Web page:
Remember, parents, that this one ceremony does not add to or take away from the total value of our children. More importantly, it doesn’t add to or take away from your total value as a parent.

My children are good kids, just like yours. I know their hard work over the course of the year will be recognized. I also know they are SO MUCH MORE than the colored card-stock they’re sent home with on Awards Day. Maybe my sons’ arms will be overloaded with certificates this year; maybe they’ll rush to me with a wide smile plastered to their little faces as they proudly show me their “Line Leading LIKE A BOSS” awards. I’ll be no less proud.

I’m their mama. It is my duty, and my pleasure, to be proud of them. I need them to know that I will always feel this way, regardless of how the world validates them.

This. Funny. The kind of mama I want to be.

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On Little Boys and ADD/ADHD: A candid look on a tired debate

I didn’t want to do it. My husband didn’t want me to do it. Some of our extended family still question it. Even our pediatrician let out an audible sigh when he admitted it was time.

It was time to start my eight-year-old, a third grader, on ADHD meds.

As I looked around the compact examining room, I eyed the juvenile artwork hanging above the examining table. I felt exactly like those multi-colored scribbles, the jagged, unsteady lines cross-crossing haphazardly over the print. It was beautiful in a way; it was equally chaotic.

Our pediatrician and I discussed different drugs that would meet our goals, the appropriate dosages to try first, the side effects to watch for. Though he proved patient and kind and sat with me in that little room for nearly an hour answering every question and devil’s advocate scenario I presented, I still felt oddly alone. The weight of the situation bared down as I realized no one could else could help me here. I couldn’t delegate; no one was coming to stand in and tell me what to do. I also felt that it would be inappropriate to poll our friends and family for their opinions. It’s just too touchy of a debate, and no one outside of our immediate family of five adequately understands the nuances of our family dynamic anyway.  Only I was equipped to make the call.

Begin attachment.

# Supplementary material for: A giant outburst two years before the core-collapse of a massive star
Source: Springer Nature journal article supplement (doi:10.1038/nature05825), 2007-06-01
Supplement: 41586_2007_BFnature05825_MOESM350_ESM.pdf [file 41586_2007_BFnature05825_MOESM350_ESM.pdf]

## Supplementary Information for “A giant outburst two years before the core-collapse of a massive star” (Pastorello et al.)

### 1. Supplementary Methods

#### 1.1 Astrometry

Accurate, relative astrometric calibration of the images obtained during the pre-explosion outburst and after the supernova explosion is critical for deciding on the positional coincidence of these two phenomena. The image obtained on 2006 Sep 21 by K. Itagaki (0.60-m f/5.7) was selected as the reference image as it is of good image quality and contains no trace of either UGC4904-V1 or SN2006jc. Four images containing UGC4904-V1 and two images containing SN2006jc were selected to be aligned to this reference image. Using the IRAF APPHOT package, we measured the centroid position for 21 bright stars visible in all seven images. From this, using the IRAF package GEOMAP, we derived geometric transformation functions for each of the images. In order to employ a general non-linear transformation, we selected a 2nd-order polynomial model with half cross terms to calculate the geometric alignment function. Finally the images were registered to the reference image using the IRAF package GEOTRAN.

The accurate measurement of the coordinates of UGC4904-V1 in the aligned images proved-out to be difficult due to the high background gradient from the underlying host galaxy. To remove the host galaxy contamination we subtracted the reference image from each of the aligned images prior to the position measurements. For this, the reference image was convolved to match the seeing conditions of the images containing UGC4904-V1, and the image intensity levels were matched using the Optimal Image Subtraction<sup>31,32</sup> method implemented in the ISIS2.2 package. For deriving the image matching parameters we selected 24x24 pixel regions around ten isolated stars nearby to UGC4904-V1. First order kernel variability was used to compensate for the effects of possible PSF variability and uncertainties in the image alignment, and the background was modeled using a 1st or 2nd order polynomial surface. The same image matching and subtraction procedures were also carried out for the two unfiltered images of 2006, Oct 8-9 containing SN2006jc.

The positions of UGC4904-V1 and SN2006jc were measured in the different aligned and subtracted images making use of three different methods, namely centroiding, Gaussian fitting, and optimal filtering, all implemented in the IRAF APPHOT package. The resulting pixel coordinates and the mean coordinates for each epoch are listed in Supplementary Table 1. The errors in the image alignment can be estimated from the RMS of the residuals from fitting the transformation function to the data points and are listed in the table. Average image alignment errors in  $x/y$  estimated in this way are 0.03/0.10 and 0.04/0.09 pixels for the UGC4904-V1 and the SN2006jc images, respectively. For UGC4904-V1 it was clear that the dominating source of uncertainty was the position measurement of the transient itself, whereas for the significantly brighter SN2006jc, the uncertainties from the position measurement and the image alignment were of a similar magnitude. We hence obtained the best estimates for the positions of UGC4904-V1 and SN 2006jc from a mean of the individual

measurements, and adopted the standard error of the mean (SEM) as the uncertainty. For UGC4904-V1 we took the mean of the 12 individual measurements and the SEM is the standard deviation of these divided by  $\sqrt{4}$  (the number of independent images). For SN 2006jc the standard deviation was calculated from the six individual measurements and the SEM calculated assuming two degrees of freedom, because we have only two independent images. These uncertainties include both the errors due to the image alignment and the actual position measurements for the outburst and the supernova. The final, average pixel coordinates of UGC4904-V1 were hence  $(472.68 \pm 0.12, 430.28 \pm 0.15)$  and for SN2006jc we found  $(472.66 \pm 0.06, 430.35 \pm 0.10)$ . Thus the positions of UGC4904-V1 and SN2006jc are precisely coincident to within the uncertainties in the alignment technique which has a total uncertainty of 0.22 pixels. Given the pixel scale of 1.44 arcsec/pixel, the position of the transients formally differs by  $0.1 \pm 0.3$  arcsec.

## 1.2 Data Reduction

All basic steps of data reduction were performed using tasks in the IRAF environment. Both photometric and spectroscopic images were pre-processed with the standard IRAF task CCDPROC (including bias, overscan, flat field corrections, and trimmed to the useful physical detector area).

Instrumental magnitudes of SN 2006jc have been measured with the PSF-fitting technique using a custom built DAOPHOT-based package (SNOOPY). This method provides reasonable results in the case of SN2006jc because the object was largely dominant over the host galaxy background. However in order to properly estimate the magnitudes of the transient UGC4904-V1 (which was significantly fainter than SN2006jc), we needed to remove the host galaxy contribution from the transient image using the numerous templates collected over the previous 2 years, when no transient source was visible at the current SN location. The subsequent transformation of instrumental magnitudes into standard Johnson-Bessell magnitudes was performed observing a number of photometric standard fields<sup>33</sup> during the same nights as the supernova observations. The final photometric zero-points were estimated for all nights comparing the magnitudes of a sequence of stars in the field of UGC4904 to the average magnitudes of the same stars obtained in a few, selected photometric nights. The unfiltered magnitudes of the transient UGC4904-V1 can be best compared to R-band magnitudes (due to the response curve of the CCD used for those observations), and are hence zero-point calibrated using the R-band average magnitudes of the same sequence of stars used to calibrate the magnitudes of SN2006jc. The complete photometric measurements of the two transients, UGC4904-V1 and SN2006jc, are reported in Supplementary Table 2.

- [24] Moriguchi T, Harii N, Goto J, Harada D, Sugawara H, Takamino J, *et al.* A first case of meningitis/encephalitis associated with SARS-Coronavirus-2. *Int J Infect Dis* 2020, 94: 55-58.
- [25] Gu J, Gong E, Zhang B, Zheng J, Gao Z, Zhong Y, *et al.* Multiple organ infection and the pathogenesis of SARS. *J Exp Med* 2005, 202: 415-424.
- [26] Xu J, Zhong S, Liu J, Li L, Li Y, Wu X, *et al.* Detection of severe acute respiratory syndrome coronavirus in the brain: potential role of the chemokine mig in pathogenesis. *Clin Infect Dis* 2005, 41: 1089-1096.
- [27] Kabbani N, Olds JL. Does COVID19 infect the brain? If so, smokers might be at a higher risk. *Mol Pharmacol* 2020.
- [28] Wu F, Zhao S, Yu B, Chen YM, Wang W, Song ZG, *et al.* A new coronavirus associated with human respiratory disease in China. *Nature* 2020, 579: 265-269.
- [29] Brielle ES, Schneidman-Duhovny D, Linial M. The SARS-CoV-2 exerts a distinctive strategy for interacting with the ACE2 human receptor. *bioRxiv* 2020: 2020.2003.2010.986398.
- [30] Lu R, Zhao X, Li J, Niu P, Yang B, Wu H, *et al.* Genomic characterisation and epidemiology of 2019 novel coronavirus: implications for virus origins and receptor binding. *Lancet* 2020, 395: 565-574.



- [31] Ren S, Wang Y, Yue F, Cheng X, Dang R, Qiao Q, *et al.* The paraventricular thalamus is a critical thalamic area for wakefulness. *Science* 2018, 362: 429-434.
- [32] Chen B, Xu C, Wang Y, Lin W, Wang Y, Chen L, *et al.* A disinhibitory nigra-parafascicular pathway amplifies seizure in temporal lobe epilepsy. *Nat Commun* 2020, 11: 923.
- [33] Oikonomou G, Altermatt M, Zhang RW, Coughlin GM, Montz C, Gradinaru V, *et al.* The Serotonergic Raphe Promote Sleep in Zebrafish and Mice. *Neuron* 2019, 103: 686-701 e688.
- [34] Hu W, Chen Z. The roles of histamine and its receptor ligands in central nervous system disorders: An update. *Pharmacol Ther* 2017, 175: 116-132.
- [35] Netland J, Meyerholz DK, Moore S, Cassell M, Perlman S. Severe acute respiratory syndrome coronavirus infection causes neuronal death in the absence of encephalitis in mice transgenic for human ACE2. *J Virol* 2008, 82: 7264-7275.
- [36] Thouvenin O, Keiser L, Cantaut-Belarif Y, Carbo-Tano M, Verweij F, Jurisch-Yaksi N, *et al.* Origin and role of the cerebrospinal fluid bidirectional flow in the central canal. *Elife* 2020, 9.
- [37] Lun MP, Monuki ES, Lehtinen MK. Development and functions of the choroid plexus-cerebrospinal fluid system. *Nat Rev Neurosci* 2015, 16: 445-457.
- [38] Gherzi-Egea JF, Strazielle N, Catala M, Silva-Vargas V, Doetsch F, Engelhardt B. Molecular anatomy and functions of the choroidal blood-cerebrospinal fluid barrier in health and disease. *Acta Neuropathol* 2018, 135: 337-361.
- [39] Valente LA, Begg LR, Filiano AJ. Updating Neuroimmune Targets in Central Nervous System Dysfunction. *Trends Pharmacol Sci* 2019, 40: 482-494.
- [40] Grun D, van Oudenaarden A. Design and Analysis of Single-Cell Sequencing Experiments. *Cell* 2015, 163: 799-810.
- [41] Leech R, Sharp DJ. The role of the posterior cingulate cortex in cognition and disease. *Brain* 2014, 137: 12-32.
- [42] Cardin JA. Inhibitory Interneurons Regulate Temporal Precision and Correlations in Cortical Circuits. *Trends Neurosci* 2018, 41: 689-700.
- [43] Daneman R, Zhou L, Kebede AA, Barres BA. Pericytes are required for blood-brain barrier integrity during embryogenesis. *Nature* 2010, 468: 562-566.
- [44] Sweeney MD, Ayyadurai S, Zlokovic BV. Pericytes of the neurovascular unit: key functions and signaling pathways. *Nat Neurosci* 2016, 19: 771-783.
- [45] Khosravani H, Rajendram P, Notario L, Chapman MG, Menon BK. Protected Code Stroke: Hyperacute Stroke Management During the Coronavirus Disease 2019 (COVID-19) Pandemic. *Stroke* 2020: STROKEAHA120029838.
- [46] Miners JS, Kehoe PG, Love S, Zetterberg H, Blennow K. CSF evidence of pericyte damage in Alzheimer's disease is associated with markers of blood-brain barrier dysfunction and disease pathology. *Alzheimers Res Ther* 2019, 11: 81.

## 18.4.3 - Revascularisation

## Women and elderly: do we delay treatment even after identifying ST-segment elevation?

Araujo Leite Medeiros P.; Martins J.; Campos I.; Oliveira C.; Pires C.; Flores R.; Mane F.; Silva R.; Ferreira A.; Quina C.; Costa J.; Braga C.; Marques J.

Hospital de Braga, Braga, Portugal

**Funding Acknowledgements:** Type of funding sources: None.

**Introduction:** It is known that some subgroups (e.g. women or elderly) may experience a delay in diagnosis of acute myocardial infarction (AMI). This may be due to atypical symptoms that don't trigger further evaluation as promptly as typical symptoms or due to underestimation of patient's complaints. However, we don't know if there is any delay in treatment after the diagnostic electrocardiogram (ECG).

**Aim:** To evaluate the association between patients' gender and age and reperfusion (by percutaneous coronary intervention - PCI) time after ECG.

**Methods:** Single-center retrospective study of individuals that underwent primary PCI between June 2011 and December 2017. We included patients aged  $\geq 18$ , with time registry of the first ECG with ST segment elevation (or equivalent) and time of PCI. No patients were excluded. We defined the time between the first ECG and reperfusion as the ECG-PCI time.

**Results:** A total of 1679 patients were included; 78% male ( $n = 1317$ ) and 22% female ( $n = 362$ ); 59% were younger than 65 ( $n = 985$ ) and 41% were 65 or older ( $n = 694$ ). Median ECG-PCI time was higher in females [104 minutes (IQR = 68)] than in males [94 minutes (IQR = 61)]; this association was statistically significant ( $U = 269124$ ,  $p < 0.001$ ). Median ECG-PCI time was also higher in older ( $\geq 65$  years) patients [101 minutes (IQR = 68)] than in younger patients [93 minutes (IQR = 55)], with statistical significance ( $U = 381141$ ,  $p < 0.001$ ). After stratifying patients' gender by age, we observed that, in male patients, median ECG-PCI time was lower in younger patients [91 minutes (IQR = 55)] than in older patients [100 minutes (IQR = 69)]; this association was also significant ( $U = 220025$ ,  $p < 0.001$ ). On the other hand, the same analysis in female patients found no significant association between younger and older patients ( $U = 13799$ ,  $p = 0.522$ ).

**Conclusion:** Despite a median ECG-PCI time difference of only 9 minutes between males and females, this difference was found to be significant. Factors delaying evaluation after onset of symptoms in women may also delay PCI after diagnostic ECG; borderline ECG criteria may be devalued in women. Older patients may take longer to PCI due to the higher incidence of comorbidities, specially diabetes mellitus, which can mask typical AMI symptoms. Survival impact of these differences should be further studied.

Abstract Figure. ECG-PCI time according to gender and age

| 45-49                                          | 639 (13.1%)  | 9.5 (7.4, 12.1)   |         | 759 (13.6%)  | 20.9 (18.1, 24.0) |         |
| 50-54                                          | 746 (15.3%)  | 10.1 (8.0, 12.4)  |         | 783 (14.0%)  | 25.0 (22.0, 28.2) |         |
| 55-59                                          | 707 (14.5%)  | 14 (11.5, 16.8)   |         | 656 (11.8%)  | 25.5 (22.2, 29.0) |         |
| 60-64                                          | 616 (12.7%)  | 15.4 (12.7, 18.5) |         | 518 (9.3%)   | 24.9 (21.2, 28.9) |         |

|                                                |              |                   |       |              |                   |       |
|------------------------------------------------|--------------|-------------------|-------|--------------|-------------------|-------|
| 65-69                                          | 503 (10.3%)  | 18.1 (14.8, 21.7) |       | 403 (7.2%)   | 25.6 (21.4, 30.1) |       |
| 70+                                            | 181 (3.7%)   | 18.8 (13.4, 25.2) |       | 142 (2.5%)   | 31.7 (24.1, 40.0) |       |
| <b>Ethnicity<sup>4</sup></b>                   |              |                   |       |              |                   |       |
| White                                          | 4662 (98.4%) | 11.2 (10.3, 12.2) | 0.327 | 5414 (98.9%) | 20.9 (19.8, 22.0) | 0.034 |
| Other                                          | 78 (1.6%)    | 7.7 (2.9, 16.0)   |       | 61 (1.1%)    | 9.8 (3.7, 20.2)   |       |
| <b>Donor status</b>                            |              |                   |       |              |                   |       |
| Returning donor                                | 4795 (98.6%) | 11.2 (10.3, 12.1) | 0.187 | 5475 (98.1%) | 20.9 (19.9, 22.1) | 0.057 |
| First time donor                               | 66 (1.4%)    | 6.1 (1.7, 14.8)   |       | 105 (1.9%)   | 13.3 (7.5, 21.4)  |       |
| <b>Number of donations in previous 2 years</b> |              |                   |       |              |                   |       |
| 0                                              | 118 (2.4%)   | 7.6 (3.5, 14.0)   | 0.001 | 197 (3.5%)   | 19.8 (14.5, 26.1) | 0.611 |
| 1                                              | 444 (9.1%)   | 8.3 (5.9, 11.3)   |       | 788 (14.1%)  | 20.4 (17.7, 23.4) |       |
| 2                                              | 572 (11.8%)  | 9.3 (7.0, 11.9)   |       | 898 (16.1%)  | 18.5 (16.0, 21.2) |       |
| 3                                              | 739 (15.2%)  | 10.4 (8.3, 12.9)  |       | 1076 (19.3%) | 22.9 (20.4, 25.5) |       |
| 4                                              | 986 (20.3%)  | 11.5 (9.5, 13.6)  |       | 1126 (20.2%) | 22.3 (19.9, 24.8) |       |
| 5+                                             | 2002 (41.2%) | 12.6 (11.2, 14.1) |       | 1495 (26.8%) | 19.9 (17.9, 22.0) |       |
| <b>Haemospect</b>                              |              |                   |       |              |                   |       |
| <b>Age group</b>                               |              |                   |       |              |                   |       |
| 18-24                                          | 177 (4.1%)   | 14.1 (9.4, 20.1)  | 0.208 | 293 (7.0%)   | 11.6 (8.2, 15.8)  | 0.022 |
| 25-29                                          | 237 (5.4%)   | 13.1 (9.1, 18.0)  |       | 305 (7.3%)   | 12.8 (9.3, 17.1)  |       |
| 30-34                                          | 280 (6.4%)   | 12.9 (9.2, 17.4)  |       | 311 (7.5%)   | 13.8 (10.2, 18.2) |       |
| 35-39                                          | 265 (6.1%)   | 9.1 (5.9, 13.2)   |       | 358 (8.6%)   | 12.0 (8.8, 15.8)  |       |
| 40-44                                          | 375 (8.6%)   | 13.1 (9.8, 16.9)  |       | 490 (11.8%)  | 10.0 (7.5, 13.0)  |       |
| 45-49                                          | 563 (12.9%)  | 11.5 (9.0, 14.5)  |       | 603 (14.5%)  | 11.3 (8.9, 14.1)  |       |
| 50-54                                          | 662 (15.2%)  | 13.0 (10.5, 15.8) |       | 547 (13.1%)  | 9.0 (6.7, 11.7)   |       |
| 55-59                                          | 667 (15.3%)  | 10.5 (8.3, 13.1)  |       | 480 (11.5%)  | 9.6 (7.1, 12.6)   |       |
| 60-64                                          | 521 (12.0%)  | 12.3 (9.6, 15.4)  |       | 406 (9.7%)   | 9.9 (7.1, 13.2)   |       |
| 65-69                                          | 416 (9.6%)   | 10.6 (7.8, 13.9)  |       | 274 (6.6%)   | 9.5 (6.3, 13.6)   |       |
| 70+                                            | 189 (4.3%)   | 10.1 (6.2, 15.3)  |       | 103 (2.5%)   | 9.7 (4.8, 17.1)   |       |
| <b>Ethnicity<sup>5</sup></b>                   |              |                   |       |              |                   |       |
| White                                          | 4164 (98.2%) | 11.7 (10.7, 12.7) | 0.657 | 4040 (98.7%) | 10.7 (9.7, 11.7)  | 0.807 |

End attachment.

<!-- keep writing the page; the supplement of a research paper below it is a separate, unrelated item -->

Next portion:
So, on a Friday morning shortly before Christmas, my first-born (in his shorts and t-shirt– this is Texas in December after all) and I headed down to the parking garage with a plan in hand. I felt excited, anxious, defensive, and a million other responses I couldn’t quite articulate.

I don’t regret the decision yet. Not as a parent, not as a fellow teacher, even though my mind and heart aren’t in complete harmony, even now. Part of me wants to buck up, start a grass-roots campaign calling attention to western education and the shove towards standardized testing and standardized education. This movement transforms students like my son away from their natural, eight-year-old boy tendencies into statues who are able to sit and robotically perform practice exercises for prolonged periods of time. The old adage “Boys will be boys” comes to mind. Maybe my son isn’t really ADHD; maybe he’s just a little boy exercising his God-given tendencies. (Note: I, in no way, accuse our current children’s teachers of failing to meet our students’ needs. We are SO BLESSED to have educators who defy the odds, make learning fun, and differentiate instruction to meet each individual students’ needs. Still, their efforts to achieve all of this most often require their superhero capes and a lot of prayer because of the current trends in our educational system. And as amazing as our teachers are, they’re still forced to work within the confines of such a system.)

The other part of me, the voice of reason that won over in the end, realizes my personal opinion on the state of our educational system’s affairs won’t help my son be successful in his classroom. I am a public school educator myself. Naturally, my own children will most likely complete their grade school education in a public school setting. Regardless of how I feel personally, my son needs to be able to function in a public school setting. He is one among many in his class. When his teacher needs him to sit still and remain quiet so she can direct teach or so other students can themselves concentrate, then he’ll need the medicinal help to make that happen.

He isn’t a boy who is merely misbehaving. He isn’t in need of a nice stern spanking; my husband and I are in agreeance of using well-timed, appropriately handled swats on the behind. His teacher isn’t failing to challenge him. He is eager to learn and eager to please, and I am willing to get him the help he needs to reach his “little-boy-in-a-public-school” potential.

Even if that means introducing a long-term drug into the family. It’s not what we expected when we cradled our sweet, shockingly observant newborn in our arms that first day of parenthood. But it’s become our new norm. That is the sign we’re making it as parents– our ability to adjust and accept life’s curveballs and create whatever new norm is best for our children.

We hit the curveball this time, and our son is better for it.

A typical entry in my third grader's school agenda.

A typical entry in my third grader’s school agenda.